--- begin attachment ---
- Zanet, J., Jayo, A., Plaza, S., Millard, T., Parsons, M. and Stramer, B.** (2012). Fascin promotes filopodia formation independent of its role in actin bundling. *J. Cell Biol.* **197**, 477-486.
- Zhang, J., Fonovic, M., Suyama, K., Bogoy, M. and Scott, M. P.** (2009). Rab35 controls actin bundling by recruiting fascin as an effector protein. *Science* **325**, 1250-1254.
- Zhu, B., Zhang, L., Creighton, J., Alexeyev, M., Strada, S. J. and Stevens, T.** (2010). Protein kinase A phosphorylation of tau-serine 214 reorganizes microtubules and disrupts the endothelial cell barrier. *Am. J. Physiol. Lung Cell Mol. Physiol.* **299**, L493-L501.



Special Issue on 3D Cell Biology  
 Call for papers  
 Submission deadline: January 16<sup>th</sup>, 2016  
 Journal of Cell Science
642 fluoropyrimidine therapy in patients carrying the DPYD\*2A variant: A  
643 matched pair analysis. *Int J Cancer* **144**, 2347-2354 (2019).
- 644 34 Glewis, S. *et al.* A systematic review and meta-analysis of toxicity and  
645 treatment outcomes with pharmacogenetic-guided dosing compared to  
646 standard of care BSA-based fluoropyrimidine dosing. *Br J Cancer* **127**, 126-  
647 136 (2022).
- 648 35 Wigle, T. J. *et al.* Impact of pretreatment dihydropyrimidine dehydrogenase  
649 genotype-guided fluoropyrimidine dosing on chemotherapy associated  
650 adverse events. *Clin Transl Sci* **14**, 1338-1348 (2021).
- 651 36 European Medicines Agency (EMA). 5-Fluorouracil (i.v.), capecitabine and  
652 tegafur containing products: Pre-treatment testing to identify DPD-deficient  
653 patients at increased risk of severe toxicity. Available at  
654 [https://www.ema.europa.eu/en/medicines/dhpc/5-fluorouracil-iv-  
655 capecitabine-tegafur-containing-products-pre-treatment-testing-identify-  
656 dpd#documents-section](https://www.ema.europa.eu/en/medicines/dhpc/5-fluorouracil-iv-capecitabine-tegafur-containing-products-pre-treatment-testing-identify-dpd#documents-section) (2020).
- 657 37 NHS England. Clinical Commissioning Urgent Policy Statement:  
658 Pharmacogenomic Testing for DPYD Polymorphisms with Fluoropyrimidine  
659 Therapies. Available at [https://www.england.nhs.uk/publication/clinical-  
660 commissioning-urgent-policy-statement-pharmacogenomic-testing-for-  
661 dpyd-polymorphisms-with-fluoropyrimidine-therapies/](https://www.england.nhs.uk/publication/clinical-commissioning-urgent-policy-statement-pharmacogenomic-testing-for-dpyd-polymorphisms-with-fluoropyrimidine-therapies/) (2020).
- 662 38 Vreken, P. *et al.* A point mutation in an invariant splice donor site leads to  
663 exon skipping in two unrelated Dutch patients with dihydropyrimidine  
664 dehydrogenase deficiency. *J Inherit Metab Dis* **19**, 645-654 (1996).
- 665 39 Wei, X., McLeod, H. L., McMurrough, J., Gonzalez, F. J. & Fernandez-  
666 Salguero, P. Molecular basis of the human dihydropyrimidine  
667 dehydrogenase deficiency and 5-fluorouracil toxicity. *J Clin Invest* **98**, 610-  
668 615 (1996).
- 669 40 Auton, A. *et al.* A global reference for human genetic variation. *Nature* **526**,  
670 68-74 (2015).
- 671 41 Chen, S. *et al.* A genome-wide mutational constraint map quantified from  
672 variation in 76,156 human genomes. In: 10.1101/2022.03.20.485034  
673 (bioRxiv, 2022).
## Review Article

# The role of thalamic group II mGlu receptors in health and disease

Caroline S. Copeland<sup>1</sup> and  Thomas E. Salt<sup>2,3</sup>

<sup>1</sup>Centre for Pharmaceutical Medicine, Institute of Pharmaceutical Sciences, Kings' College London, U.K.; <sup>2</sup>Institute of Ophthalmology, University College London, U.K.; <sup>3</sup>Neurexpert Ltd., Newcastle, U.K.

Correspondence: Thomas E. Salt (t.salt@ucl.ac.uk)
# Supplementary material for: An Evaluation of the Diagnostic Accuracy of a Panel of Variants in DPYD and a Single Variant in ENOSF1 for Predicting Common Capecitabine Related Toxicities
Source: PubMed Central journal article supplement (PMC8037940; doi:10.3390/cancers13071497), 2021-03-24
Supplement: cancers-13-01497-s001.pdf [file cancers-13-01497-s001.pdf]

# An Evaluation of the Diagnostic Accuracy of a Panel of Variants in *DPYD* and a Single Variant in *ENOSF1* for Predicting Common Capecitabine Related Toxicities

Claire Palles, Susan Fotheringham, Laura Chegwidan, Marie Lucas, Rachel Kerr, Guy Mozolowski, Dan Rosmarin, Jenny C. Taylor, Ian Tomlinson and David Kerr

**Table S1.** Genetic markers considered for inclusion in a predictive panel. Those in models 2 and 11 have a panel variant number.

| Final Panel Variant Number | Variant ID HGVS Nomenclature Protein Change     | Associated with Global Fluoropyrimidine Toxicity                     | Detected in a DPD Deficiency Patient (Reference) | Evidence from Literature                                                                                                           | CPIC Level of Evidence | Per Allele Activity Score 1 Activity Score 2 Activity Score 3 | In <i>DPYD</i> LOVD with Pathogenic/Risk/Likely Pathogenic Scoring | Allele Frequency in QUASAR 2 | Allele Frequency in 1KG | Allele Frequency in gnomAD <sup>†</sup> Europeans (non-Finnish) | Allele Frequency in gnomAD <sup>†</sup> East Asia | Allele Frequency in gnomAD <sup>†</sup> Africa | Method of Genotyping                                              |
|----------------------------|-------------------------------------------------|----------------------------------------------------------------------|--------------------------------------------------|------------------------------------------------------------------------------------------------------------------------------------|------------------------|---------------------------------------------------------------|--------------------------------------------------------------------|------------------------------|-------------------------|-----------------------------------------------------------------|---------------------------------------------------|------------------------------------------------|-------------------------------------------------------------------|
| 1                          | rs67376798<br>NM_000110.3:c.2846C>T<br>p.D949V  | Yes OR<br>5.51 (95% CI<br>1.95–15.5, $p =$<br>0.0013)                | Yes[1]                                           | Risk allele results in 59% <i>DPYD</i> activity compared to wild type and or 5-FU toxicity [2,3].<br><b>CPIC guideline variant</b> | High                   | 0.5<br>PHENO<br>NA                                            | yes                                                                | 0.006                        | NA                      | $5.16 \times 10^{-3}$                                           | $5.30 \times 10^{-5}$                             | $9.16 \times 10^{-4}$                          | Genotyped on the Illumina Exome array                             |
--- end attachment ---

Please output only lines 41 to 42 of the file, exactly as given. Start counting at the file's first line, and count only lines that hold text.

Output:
# The role of thalamic group II mGlu receptors in health and disease

Caroline S. Copeland<sup>1</sup> and  Thomas E. Salt<sup>2,3</sup>